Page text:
AUSTIN, Texas – According to the Texas Attorney General’s Office there are nearly 80,000 child victims of sex trafficking at any given time in the state of Texas. A common misconception is that victims are either homeless or in the foster care system, when in reality they can come from every socio-economic and racial background.

  • Victims can come from any background
  • Austin woman found need for transitional housing
  • Nicole’s Place to open in spring 2020

When one Austin woman realized that minor sex trafficking was such a prevalent issue, not just in the entire state but in every community, including her own, she knew she had to take action.

“What I learned after delving deeper into this situation was that there was a whole continuum of care necessary to treat survivors of domestic minor sex trafficking,” said Austinite Lisa Knapp. “We needed to educate police officers, so that they didn’t arrest these children, we needed to fund a drop in center, so that children would have some place to go to when they were able to get away from their pimps, we needed to fund long term. We needed to fund transitional living so that when they turned 18 that they would be able to get the skills that they needed to live on their own. And what we noticed was that, Austin, Texas-- the capital of Texas-- had absolutely no place to bring these children when they first present themselves.”

Knapp is the founder of the Austin 20, a nonprofit that advocates for child victims of sex trafficking. But she quickly realized, that wasn’t enough.

“What was the glaring issue here in Austin, Texas, and that was an emergency center,” said Knapp. “An emergency center to immediately get these children to safety. To be able to evaluate them and figure out what these children needed immediately. And then to evaluate which long term treatment center would best fit them, because many times what we do is we send these children to whoever is available. That's not okay. We need to find the right programs for the right children.”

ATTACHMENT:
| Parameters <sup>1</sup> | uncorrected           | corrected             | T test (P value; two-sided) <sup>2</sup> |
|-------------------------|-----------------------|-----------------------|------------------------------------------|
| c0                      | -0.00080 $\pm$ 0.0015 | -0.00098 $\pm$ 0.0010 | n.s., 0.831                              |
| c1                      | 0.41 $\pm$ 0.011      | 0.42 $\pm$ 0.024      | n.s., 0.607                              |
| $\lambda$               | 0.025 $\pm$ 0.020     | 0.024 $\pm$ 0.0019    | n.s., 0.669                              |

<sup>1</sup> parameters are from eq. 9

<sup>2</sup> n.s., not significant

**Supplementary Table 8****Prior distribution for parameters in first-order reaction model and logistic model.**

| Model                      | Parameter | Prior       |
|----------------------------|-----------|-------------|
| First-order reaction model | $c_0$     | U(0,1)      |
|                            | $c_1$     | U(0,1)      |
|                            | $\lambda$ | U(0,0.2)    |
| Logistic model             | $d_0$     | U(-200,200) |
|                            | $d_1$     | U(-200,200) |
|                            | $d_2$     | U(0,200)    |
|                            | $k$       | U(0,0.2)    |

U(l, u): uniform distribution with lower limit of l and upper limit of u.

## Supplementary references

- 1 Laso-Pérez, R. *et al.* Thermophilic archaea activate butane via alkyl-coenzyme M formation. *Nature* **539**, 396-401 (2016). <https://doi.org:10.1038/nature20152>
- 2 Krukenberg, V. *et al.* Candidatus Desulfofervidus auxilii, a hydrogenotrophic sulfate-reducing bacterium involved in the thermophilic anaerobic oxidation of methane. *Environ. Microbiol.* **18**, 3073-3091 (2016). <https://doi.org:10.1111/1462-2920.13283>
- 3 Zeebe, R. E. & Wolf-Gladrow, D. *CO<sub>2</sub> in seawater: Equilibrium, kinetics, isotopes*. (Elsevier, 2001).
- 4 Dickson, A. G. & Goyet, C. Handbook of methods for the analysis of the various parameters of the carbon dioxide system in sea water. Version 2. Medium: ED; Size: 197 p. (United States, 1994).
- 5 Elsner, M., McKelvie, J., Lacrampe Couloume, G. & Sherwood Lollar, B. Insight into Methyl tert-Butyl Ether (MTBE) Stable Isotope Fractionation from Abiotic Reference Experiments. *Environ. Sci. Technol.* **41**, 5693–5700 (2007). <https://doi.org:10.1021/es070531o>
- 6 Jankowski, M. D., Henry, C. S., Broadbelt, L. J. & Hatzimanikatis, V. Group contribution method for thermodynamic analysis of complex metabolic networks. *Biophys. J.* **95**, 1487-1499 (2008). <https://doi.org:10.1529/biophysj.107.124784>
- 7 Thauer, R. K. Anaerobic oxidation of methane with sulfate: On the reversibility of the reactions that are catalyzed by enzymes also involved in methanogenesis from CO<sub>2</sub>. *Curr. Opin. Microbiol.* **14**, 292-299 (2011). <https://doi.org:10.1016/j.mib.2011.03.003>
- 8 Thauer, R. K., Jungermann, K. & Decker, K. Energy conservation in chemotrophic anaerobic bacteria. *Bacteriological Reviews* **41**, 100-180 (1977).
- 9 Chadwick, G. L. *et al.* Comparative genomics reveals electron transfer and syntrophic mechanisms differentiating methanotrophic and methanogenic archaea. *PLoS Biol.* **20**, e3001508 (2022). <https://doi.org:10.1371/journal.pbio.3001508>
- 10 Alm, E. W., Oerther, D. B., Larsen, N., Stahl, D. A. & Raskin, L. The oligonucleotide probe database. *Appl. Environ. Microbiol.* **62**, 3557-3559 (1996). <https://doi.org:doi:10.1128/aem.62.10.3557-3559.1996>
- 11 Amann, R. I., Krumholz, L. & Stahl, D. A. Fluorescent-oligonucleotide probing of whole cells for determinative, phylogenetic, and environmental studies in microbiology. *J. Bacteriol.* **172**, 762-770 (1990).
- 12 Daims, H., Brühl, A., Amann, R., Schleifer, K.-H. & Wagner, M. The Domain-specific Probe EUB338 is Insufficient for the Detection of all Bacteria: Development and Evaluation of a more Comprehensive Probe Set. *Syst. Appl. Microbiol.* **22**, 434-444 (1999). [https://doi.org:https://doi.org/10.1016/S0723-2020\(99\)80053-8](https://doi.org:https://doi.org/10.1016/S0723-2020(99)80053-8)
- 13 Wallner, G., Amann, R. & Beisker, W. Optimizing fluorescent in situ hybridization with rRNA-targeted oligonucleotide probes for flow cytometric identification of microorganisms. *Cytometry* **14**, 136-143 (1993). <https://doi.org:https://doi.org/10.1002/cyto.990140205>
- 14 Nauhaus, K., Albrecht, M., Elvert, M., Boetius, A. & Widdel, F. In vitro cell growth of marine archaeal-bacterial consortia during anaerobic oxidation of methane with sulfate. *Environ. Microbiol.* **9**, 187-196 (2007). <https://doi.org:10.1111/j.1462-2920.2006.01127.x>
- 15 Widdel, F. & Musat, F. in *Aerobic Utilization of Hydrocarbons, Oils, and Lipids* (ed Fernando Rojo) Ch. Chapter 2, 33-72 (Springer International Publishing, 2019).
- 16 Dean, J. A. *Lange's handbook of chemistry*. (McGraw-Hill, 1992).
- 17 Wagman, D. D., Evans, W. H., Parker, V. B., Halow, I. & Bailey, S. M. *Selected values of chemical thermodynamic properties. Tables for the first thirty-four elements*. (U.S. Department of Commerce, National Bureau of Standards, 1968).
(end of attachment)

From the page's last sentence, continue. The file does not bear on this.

Knapp realized that a six-week waiting period for most long-term care programs left many children slipping through the cracks, often returning to their traffickers.

“It’s a very crucial time, it's a critical time when a child is able to escape from this horrible, horrible crime. You have to get them right there and then, that's the time that's critical,” said Knapp.

“It takes an enormous amount of strength and courage to exit that,” said Allison Franklin, who is a survivor of sex trafficking. “That time period, that very moment that that individual exits that and doesn't have support, they're going to go right back, and possibly not even make it, because they've already left that situation and that is extremely, extremely dangerous.”

In just eight months, Knapp rallied her community and built the beginnings of a short-term care facility for child victims of sex trafficking, before they enter long-term care.

“She’s a force of nature all right, but she gets the job done and all my men are happy to pitch in to help,” said Sam Jamell, president of Jamell Contractors.

“The subs are the guys who are really stepping up, and they are donating just immense amounts of time and expertise and materials and it’s - it's amazing to see that community in particular come together and, you know, and champion this cause and give their time and their hearts,” said Ben Broughton, construction manager and board member for Nicole’s Place.

He says this entire project is something only Knapp could have done.

“The thing that I think is so powerful about Lisa is that she’s authentic,” says Broughton. “It draws people to her, but it also, it’s contagious! She is the force behind this that has created the movement that I think is becoming such a large and contagious movement.”

In December, the Austin 20 celebrated the first cabin at Nicole’s Place.

“What is behind me is not one person, not 10 people, not 100 people. This is a community. This house was built by Austin, Texas,” said Knapp.

“This is a place where the victims of child sex trafficking can come, a safe environment a supportive environment with wraparound services to begin that difficult and lengthy process of recovering from a life of victimization,” said Chief Brian Manley, of the Austin Police Department.

Nicole's Place is personal for Knapp. Nicole was her cousin’s daughter. She died at 21 after being a victim of abuse and trafficking.

“She had a child, three children. And, two of whom I adopted, and my daughter and my son, Bella and Michael, decided to call the home Nicole's Place in honor of Nicole, but also as a testament to what we never want to see happen to another child again,” said Knapp, who says she is nowhere near finished.

“I want to build this out so that we can serve as many children that need us,” said Knapp, who hopes to eventually have 10 cabins be part of Nicole’s Place. “I want Nicole's place to be that safety net for kids who feel like they don't have anyone. I want Austin, to be safe for our kids.”

It’s a dream she is fighting to make a reality.